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Lean and Mean O'Neal Begins a New Chapter

Lakers: Center draws a big crowd at first workout, but public isn't welcome.


How big a draw is Shaquille O'Neal?

O'Neal attracted more reporters for a private workout at Loyola Marymount Friday than the Clippers draw for a game.

"My goal is to come in next season and be a lean, mean dunking machine," O'Neal said. "I'm going back to the old Shaq, dunking, getting technical fouls and getting thrown out of games."

O'Neal, who signed a $120-million, seven-year deal with the Lakers last month before helping the Dream Team win an Olympic gold medal, worked out for about an hour and then met with the Southland media for the first time since signing with the Lakers.

"I think it's exciting because it's the start of a new chapter for the Lakers," said Leonard Armato, O'Neal's agent. "The chapter started with George Mikan and the next chapter was Wilt [Chamberlain] and Jerry [West] and Elgin [Baylor], and the next chapter was Kareem [Abdul-Jabbar] and Magic [Johnson], and now Shaquille's here and it's a whole new era.

"I think it's something that the city needed. We needed something to wrap our arms around and get excited about. Now we have this multimedia global icon coming to Los Angeles at the time when the franchise needs a boost."

Security was tight, as befitting a multimedia global icon.

A guard was posted at the gym entrance to keep fans out, and O'Neal was accompanied to the workout by his personal assistant and his bodyguard.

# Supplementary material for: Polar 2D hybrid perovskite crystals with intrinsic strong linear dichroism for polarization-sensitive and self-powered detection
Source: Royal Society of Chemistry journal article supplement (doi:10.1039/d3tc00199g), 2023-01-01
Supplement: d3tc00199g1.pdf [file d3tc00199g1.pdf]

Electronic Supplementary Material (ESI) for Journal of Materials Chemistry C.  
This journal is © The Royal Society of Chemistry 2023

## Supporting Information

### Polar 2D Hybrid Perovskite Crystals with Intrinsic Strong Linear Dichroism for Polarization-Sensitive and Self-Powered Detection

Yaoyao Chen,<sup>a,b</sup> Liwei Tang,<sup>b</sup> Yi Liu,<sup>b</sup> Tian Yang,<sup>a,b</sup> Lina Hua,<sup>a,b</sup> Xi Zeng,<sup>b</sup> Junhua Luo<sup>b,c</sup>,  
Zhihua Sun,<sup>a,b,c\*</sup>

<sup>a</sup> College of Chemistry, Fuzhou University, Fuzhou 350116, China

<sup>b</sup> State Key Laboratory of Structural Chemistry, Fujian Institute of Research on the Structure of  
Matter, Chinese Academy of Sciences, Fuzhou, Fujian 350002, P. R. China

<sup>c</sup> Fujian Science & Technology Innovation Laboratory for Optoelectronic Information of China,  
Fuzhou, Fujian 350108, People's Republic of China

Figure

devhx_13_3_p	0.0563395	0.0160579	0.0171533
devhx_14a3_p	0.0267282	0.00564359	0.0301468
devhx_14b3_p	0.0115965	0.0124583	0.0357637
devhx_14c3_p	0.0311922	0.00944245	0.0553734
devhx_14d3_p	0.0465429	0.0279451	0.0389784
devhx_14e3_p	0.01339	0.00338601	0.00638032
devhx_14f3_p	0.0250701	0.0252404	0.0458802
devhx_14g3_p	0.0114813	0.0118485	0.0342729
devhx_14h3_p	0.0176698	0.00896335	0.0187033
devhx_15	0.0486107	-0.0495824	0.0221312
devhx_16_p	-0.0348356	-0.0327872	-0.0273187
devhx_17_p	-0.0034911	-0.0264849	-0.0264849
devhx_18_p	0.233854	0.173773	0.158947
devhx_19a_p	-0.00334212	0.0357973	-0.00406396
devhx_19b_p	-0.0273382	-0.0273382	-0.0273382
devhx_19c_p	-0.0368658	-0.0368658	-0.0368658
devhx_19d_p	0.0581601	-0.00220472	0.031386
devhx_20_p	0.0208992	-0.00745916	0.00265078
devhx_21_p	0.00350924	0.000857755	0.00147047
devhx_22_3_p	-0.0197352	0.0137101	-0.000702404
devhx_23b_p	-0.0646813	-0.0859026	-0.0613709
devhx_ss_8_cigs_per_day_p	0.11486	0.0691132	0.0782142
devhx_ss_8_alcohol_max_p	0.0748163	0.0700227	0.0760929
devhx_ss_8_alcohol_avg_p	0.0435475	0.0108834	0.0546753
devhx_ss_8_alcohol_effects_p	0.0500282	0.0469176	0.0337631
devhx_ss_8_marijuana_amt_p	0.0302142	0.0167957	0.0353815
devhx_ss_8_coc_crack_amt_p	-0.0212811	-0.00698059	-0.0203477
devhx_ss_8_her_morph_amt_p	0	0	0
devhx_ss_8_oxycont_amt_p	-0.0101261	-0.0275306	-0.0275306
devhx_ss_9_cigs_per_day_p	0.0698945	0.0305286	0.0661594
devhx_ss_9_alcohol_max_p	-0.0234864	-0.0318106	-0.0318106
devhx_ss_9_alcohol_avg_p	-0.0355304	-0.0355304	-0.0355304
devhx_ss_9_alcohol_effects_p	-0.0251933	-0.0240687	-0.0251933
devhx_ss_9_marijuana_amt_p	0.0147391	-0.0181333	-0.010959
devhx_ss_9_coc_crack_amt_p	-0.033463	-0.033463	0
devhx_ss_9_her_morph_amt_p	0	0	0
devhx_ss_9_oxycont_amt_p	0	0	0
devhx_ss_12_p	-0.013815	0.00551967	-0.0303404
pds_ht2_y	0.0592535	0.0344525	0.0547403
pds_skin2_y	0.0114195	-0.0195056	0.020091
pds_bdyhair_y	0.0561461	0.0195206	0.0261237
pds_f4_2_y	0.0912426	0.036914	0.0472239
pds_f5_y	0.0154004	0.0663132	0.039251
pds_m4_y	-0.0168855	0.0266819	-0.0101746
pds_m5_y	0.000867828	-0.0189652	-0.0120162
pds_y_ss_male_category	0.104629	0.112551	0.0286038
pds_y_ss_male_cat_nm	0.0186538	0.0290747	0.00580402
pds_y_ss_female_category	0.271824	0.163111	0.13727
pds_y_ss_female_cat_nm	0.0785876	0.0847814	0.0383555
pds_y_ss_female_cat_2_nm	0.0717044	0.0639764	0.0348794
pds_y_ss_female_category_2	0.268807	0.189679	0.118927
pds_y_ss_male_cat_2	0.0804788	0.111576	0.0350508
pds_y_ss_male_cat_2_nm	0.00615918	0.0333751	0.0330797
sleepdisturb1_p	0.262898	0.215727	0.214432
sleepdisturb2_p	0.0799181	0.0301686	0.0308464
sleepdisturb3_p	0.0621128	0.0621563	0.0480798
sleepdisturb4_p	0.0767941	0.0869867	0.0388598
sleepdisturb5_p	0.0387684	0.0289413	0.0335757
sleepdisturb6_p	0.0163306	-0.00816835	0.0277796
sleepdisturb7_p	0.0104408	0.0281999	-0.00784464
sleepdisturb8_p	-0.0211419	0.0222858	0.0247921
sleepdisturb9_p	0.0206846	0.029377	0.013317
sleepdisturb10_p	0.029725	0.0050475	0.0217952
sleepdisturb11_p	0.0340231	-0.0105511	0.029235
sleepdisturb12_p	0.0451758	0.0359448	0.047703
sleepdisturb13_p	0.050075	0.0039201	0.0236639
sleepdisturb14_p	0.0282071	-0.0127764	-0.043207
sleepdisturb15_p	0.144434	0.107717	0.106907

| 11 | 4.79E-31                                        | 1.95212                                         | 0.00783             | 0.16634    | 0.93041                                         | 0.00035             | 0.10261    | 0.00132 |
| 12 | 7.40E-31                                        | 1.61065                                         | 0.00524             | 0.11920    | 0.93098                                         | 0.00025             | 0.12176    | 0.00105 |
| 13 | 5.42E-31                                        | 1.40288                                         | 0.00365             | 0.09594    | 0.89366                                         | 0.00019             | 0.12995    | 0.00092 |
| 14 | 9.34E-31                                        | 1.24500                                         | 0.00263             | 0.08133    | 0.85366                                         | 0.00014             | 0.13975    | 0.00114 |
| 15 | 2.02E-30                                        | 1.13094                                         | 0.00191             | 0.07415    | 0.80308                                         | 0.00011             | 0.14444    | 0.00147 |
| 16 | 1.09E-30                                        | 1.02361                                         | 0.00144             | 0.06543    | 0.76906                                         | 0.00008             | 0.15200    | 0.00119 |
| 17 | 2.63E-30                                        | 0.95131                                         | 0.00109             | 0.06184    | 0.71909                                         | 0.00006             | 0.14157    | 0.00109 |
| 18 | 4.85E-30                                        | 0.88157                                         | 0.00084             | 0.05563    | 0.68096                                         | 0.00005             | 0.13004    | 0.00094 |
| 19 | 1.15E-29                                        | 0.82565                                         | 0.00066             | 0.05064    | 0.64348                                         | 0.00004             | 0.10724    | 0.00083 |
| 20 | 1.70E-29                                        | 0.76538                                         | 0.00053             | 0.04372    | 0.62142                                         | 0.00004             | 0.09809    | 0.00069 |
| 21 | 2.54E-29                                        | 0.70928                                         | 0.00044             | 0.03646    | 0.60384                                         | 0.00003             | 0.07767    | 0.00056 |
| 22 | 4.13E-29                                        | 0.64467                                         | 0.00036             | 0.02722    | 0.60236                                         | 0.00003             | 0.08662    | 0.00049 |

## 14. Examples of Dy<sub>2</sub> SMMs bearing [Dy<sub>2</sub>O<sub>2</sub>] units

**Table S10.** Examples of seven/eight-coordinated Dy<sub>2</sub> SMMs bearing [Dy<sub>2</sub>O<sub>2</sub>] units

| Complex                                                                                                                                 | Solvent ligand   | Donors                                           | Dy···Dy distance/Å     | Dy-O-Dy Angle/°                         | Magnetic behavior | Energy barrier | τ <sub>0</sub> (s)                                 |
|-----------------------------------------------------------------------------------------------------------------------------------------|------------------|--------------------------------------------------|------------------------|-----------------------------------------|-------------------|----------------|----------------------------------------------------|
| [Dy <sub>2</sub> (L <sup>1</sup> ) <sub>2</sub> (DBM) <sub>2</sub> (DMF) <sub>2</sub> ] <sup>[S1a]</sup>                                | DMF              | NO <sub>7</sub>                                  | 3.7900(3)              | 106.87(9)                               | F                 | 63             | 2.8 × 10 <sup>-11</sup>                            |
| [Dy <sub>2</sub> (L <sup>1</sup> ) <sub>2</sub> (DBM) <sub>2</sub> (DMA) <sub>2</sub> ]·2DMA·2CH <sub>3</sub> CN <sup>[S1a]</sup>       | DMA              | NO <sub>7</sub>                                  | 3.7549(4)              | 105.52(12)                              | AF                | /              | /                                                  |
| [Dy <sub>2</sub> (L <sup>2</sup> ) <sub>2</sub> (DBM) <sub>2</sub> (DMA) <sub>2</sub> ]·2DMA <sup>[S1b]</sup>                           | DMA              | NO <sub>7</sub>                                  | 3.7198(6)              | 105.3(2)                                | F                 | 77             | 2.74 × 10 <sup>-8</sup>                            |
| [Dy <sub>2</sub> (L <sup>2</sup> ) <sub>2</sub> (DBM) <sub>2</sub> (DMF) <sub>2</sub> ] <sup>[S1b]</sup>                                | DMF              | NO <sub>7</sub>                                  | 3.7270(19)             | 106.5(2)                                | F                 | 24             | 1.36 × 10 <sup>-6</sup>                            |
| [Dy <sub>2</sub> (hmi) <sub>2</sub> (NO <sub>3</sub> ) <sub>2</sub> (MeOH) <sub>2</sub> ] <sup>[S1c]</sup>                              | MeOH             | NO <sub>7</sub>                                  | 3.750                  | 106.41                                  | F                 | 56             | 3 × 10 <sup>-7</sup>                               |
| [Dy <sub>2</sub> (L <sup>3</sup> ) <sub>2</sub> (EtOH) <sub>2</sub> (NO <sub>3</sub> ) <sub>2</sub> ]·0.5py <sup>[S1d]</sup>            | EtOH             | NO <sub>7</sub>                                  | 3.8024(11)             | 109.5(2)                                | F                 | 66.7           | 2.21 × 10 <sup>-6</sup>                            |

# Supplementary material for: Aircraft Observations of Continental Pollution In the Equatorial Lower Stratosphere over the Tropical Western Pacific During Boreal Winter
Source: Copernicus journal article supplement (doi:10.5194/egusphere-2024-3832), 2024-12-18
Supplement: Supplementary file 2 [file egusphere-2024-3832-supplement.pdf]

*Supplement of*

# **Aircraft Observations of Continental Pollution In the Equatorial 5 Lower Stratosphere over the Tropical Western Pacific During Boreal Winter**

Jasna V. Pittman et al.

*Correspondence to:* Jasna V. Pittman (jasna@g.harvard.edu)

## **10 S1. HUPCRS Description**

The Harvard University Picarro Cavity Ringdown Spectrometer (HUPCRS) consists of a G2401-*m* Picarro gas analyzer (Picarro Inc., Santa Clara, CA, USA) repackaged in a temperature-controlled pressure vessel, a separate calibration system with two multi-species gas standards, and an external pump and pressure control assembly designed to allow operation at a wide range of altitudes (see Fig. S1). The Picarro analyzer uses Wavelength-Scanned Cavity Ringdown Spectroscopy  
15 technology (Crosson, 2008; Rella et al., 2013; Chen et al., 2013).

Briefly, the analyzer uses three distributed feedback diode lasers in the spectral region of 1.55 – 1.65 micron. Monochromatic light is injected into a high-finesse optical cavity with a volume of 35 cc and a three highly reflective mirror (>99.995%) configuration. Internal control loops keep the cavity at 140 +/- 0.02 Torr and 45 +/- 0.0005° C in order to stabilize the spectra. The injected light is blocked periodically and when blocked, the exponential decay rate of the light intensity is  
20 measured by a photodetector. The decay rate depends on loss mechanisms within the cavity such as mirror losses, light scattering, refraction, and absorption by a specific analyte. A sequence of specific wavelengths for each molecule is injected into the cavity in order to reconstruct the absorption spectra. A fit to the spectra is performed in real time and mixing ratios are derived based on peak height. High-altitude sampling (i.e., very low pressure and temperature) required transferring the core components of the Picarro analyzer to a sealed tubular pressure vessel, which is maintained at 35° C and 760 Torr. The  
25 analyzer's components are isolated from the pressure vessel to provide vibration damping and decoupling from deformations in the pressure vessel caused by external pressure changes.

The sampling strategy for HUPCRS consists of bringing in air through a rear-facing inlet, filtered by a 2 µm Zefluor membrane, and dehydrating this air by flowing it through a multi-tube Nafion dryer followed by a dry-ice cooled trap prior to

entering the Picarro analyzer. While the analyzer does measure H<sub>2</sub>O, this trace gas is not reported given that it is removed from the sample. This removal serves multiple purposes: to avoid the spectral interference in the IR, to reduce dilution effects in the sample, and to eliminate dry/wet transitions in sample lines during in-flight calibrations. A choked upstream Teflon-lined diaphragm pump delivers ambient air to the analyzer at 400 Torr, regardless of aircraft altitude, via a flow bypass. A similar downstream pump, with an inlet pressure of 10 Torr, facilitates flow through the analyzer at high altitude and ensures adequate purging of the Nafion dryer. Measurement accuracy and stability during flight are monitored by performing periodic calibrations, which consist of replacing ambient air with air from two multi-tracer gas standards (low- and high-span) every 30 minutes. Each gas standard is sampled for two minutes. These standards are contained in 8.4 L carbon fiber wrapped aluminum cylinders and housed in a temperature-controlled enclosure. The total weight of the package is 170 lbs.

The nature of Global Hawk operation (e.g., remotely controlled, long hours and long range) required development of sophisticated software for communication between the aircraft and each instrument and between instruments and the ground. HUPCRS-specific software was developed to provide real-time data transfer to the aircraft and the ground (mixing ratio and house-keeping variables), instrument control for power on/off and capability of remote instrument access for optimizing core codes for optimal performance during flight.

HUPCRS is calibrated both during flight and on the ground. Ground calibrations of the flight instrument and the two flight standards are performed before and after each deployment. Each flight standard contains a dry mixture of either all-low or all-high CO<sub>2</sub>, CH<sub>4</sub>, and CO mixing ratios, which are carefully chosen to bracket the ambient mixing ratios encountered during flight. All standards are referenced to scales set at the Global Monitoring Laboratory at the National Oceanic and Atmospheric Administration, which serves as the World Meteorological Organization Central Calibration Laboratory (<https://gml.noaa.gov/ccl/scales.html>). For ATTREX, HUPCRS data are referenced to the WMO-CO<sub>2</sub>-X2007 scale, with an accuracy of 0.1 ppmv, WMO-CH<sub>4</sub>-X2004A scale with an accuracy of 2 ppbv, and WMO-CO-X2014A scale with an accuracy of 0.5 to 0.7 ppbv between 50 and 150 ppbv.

"You don't know how many people just want to come up and touch him," Armato said.

O'Neal, who spent the first four seasons of his NBA career with the Orlando Magic, hasn't taken long to adapt to the Southland.

"I've been coming here for the last eight summers, so I'm used to the weather and the beach life," he said. "I just bought me a big crib in Hermosa Beach. It's nice. I live right there on The Strand."

He said he won't miss Orlando.

"I'm a military child and I'm used to picking up every four to five years and starting all over," O'Neal said. "For me this is a fresh start."

Although O'Neal begins filming his third movie next week, he maintains that making movies and rap records are only summer jobs.

"I work on my game two hours, three hours a day," he said, adding that he also lifts weights with a personal trainer. "I'll be ready [when the 1996-97 season begins]. I've talked with [guard] Nick Van Exel a few times. My role will be to score and play good defense. I realize this organization has a good tradition of big men. I just want to add on to the great tradition that this organization has. I just want to win."

Laker forward Cedric Ceballos, who attended the workout, looks forward to playing with O'Neal.

"I haven't been this excited since I came to L.A.," Ceballos said. "I think we're the best team in the NBA right now. On paper we are. It's going to be fun. We've just got to learn to play together.

"I haven't met [rookie guard] Kobe Bryant yet, but once Kobe starts playing well and once Shaq starts ripping baskets down, it's going to be fun."

The Houston Rockets, who won consecutive titles in 1994 and 1995, acquired all-star forward Charles Barkley from the Phoenix Suns last Sunday, but Ceballos thinks the Lakers are better.

"We put a bunch of young guys together and they put a bunch of old guys together," Ceballos said. "We have an opportunity to try and step on them, put the old guys out of commission."

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